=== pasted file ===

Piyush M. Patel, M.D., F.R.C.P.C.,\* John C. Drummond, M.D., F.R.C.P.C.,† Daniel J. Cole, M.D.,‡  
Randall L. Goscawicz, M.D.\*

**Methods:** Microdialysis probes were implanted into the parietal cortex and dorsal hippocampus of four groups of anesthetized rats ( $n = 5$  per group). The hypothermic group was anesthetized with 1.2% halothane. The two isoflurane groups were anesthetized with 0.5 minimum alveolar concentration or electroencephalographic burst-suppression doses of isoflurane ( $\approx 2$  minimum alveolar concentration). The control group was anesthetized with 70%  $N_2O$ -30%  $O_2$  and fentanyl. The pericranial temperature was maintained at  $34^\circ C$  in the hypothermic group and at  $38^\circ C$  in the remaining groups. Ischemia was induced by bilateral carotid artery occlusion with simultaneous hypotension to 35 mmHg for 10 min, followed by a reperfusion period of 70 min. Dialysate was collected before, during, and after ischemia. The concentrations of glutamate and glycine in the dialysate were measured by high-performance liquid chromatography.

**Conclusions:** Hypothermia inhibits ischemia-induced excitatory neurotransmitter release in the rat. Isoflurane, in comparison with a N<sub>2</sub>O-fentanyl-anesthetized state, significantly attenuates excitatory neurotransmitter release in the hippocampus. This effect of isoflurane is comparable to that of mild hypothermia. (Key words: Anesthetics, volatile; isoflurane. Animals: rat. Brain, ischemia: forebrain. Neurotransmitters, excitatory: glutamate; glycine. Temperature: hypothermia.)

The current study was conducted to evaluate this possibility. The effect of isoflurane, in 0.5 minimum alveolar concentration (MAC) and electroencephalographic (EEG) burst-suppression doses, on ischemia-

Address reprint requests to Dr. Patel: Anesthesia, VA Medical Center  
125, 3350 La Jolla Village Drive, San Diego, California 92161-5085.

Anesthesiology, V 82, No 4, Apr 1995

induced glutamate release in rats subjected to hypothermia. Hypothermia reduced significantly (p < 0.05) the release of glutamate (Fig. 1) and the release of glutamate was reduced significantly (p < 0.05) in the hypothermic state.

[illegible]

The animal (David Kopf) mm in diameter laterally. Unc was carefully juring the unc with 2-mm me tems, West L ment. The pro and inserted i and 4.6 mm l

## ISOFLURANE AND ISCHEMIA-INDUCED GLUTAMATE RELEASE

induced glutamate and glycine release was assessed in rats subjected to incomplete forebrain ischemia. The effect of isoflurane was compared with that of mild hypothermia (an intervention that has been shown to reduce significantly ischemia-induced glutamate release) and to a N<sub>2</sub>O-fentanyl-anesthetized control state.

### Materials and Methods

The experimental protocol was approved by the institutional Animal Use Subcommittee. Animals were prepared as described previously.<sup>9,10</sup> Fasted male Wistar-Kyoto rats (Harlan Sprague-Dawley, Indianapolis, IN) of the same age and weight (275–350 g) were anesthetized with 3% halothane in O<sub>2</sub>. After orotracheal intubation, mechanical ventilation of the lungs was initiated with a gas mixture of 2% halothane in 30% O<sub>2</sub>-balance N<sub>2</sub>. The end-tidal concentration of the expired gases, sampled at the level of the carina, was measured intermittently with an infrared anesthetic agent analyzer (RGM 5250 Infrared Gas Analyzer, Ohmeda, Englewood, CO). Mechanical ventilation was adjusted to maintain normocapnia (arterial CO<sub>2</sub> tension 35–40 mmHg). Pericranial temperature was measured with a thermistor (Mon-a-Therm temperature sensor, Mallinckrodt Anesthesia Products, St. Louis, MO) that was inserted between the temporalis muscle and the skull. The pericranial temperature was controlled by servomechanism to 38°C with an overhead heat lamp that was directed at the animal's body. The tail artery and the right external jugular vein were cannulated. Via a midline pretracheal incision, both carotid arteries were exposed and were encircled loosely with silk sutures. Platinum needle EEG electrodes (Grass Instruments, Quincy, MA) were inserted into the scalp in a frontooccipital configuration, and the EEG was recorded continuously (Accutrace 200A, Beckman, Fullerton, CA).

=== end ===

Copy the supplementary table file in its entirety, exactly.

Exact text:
Piyush M. Patel, M.D., F.R.C.P.C.,\* John C. Drummond, M.D., F.R.C.P.C.,† Daniel J. Cole, M.D.,‡  
Randall L. Goscawicz, M.D.\*

**Methods:** Microdialysis probes were implanted into the parietal cortex and dorsal hippocampus of four groups of anesthetized rats ( $n = 5$  per group). The hypothermic group was anesthetized with 1.2% halothane. The two isoflurane groups were anesthetized with 0.5 minimum alveolar concentration or electroencephalographic burst-suppression doses of isoflurane ( $\approx 2$  minimum alveolar concentration). The control group was anesthetized with 70%  $N_2O$ -30%  $O_2$  and fentanyl. The pericranial temperature was maintained at  $34^\circ C$  in the hypothermic group and at  $38^\circ C$  in the remaining groups. Ischemia was induced by bilateral carotid artery occlusion with simultaneous hypotension to 35 mmHg for 10 min, followed by a reperfusion period of 70 min. Dialysate was collected before, during, and after ischemia. The concentrations of glutamate and glycine in the dialysate were measured by high-performance liquid chromatography.

**Conclusions:** Hypothermia inhibits ischemia-induced excitatory neurotransmitter release in the rat. Isoflurane, in comparison with a N<sub>2</sub>O-fentanyl-anesthetized state, significantly attenuates excitatory neurotransmitter release in the hippocampus. This effect of isoflurane is comparable to that of mild hypothermia. (Key words: Anesthetics, volatile; isoflurane. Animals: rat. Brain, ischemia: forebrain. Neurotransmitters, excitatory: glutamate; glycine. Temperature: hypothermia.)

The current study was conducted to evaluate this possibility. The effect of isoflurane, in 0.5 minimum alveolar concentration (MAC) and electroencephalographic (EEG) burst-suppression doses, on ischemia-

Address reprint requests to Dr. Patel: Anesthesia, VA Medical Center  
125, 3350 La Jolla Village Drive, San Diego, California 92161-5085.

Anesthesiology, V 82, No 4, Apr 1995

induced glutamate release in rats subjected to hypothermia. Hypothermia reduced significantly (p < 0.05) the release of glutamate (Fig. 1) and the release of glutamate was reduced significantly (p < 0.05) in the hypothermic state.

[illegible]

The animal (David Kopf) mm in diameter laterally. Unc was carefully juring the unc with 2-mm me tems, West L ment. The pro and inserted i and 4.6 mm l

## ISOFLURANE AND ISCHEMIA-INDUCED GLUTAMATE RELEASE

induced glutamate and glycine release was assessed in rats subjected to incomplete forebrain ischemia. The effect of isoflurane was compared with that of mild hypothermia (an intervention that has been shown to reduce significantly ischemia-induced glutamate release) and to a N<sub>2</sub>O-fentanyl-anesthetized control state.

### Materials and Methods

The experimental protocol was approved by the institutional Animal Use Subcommittee. Animals were prepared as described previously.<sup>9,10</sup> Fasted male Wistar-Kyoto rats (Harlan Sprague-Dawley, Indianapolis, IN) of the same age and weight (275–350 g) were anesthetized with 3% halothane in O<sub>2</sub>. After orotracheal intubation, mechanical ventilation of the lungs was initiated with a gas mixture of 2% halothane in 30% O<sub>2</sub>-balance N<sub>2</sub>. The end-tidal concentration of the expired gases, sampled at the level of the carina, was measured intermittently with an infrared anesthetic agent analyzer (RGM 5250 Infrared Gas Analyzer, Ohmeda, Englewood, CO). Mechanical ventilation was adjusted to maintain normocapnia (arterial CO<sub>2</sub> tension 35–40 mmHg). Pericranial temperature was measured with a thermistor (Mon-a-Therm temperature sensor, Mallinckrodt Anesthesia Products, St. Louis, MO) that was inserted between the temporalis muscle and the skull. The pericranial temperature was controlled by servomechanism to 38°C with an overhead heat lamp that was directed at the animal's body. The tail artery and the right external jugular vein were cannulated. Via a midline pretracheal incision, both carotid arteries were exposed and were encircled loosely with silk sutures. Platinum needle EEG electrodes (Grass Instruments, Quincy, MA) were inserted into the scalp in a frontooccipital configuration, and the EEG was recorded continuously (Accutrace 200A, Beckman, Fullerton, CA).